Ken Moten's Reviews > Hamlet

Hamlet by William Shakespeare
Rate this book
Clear rating

by
4635205
's review
May 03, 14

bookshelves: favorites, shakespeare-stuff, plays
Recommended for: Humans, Fishes, Flowers, people contemplting murdering their next-of-kin for the throne/CEO position
Read in January, 2009 — I own a copy, read count: 6

From November 2012:
(Well it is the weekend and I have nothing to do so it is time I finally get around to reviewing "the big one")

I think all of us has a favorite Shakespeare play. Often, we consider said play to also be considered the best of his plays hands-down. I usually take such claims with the typical grain of salt because I know the subjectiveness that even the most objective fan can have.
But I will make a confession, I am no better than any of these people and when asked of the best the Bard had to offer I will gladly point to his epic about The Prince of Denmark. Now I will have to argue why I think this is, objectively speaking, the best Shakespeare play ever made.

This is the magnum opus of the stage, in my opinion, simply because every human experience can be found or at some level understood through this play. Now I could list other things that make this play great, but you can easily find those things in all of Shakespeare's plays, good and bad. Because this is a tragedy you will find that all but one person will be left standing, no "good" character that is not a simple sidekick will be spared, women (evil or otherwise) are screwed, young people are screwed, and all evil/asshole characters will be punished only after destroying the "heroic" character...this is all typical Shakespeare. As standard of all long-form Shakespeare plays (this being the longest) we will have the majority of characters giving standard to extended length monologues/soliloquies which shed light on their psychological/mental being, there will be sizable amounts of named incidental characters that you could easily write-out without destroying the overall plot (this play has two of the most famous of those characters), a central theme is being expressed outright or is being hidden below the surface of a more than-acceptable theme, meta-allusions to the art of the theater, and as is standard in all Shakespeare plays dirty jokes (i.e. dick/vagina) abound and are at least a fourth of the dialogue in Hamlet overall. These things are to be expected in every Shakespeare play and I can almost guess the plot to any of his plays by looking out for these and similar attributes that his work has.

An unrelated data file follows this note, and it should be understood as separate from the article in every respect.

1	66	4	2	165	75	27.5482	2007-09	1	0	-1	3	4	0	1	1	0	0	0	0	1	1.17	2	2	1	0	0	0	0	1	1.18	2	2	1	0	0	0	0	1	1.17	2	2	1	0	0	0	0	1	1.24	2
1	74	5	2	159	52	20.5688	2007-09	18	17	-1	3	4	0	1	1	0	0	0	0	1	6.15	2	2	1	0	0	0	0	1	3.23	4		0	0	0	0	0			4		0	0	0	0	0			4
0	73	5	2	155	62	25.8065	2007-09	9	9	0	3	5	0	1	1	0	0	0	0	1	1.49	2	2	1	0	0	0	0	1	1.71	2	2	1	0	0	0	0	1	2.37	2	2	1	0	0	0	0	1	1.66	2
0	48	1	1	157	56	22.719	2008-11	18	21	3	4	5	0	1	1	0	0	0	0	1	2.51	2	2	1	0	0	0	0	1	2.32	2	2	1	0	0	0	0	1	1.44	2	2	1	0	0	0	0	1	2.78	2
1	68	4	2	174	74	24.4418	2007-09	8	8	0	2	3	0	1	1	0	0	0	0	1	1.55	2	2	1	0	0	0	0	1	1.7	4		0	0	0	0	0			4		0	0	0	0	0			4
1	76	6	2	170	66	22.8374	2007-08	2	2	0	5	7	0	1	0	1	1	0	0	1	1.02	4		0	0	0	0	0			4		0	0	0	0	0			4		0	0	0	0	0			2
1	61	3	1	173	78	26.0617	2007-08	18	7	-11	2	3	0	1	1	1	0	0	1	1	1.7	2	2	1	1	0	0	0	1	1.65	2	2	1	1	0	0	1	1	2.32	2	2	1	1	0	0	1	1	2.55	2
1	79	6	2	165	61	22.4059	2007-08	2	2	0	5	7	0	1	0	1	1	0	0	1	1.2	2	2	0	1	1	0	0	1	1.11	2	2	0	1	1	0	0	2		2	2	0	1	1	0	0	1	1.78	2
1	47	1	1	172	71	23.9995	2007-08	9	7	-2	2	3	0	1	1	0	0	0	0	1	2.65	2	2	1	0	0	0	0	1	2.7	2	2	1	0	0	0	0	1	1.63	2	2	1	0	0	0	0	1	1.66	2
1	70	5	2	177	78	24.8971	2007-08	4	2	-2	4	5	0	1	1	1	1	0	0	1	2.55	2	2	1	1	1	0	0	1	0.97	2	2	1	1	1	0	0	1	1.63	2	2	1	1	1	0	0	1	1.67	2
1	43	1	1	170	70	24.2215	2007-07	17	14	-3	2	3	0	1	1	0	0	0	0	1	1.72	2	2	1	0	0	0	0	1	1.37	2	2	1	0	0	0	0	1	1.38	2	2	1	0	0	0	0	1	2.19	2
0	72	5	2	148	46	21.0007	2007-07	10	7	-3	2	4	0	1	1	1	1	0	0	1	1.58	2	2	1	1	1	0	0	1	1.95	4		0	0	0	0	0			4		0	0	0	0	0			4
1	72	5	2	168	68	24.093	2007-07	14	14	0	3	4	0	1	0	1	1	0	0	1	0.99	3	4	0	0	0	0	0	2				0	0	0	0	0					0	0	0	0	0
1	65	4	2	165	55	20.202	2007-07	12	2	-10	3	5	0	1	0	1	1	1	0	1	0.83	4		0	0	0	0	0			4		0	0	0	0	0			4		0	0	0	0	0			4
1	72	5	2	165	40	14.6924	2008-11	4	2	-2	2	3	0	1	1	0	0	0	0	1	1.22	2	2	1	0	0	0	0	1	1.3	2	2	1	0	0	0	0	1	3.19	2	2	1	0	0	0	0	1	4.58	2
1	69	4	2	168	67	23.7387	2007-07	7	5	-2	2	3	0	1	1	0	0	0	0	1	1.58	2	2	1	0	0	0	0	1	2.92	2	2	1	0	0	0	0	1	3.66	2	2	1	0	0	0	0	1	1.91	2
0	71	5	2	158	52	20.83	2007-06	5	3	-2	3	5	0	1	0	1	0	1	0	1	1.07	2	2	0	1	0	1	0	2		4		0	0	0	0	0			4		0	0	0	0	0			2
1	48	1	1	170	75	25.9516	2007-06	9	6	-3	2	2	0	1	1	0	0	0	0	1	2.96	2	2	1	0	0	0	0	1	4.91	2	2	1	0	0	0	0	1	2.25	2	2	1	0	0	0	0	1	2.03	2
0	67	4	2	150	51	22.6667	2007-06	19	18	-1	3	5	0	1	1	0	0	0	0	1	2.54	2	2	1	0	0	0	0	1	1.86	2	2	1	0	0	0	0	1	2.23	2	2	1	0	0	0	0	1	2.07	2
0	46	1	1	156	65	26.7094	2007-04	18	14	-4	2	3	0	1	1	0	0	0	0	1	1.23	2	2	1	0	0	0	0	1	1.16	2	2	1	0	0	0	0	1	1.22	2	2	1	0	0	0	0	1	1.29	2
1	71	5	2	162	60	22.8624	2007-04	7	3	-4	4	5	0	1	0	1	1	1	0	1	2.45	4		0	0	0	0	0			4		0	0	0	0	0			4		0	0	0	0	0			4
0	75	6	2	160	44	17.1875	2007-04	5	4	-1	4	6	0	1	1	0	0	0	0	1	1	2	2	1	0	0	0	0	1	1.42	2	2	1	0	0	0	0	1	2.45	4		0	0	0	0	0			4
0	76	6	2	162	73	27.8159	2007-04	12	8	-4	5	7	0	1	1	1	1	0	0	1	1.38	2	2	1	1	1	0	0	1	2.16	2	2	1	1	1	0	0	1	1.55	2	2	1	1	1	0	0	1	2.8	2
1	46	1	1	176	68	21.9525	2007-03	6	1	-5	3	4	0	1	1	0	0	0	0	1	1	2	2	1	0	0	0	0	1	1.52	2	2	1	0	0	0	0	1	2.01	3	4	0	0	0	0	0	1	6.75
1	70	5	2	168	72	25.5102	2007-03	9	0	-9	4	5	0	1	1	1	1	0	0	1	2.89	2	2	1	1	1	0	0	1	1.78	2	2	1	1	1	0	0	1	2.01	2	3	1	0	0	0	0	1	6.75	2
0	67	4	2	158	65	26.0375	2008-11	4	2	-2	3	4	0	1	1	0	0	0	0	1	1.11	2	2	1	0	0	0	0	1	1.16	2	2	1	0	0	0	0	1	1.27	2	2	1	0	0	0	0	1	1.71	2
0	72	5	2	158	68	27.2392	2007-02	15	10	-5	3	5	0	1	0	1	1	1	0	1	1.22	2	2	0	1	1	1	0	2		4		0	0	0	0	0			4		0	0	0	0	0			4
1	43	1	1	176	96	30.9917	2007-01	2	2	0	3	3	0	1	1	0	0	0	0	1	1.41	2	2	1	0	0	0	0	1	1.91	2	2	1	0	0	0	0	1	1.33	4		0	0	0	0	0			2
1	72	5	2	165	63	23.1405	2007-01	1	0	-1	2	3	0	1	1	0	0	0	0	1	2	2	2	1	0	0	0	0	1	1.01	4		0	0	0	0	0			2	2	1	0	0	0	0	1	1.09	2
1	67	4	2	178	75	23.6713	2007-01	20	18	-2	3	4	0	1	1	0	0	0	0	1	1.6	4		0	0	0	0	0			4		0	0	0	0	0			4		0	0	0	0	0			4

But what makes this play stand out is how I never can stop finding new things in it. I can view this play happy, sad, neutral, and otherwise and I still see something new that I could not see before; it is the closes we may have to a modern "revealed" text. I feel that almost every character in this play is in the world we live in right now. And every age can be found in this play.

Of late, I have gotten into the habit of quoting dialogue or verse in my reviews to demonstrate or dissect the work that I am reviewing. But how do I do that here, in a play in which the dialogue and parts of the work are known by heart to people who have maybe never even heard of Shakespeare or at least never heard of Hamlet. Even if that were not the case I find that no matter what page of dialogue I turn to, I do not know what to use. So if I have the very unpleasant choice of picking a "favorite" line of dialogue from this play...alas it can't be done. If I try to fit one quote I will have to fit all quotes! So this review sort of breaks the trend of quoting within a review for me.

One also notices that I have talked of this play but not about it. This is related to my above difficulty with picking quotes for the play. I am not afraid of spoiling this play but I don't feel that my feeble mind can do it justice [right now] and my love for it is so that if I can't raise it up completely I will let the play speak for itself and simply say SEE IT, if you have not seen it keep reading this review until I have made my recommendations than immediately get off of goodreads and WATCH IT. You can have text to follow along with it, but this play has to be watched and then, as I have, find the text that is most suited for you and go into the play again.

Now forgive me but I will cheat in this section by simply posting some of my post from the Shakespeare group that I belong in to advise on the versions of the play I saw and then in the next paragraph I will talk about the book/script of this play that I posses.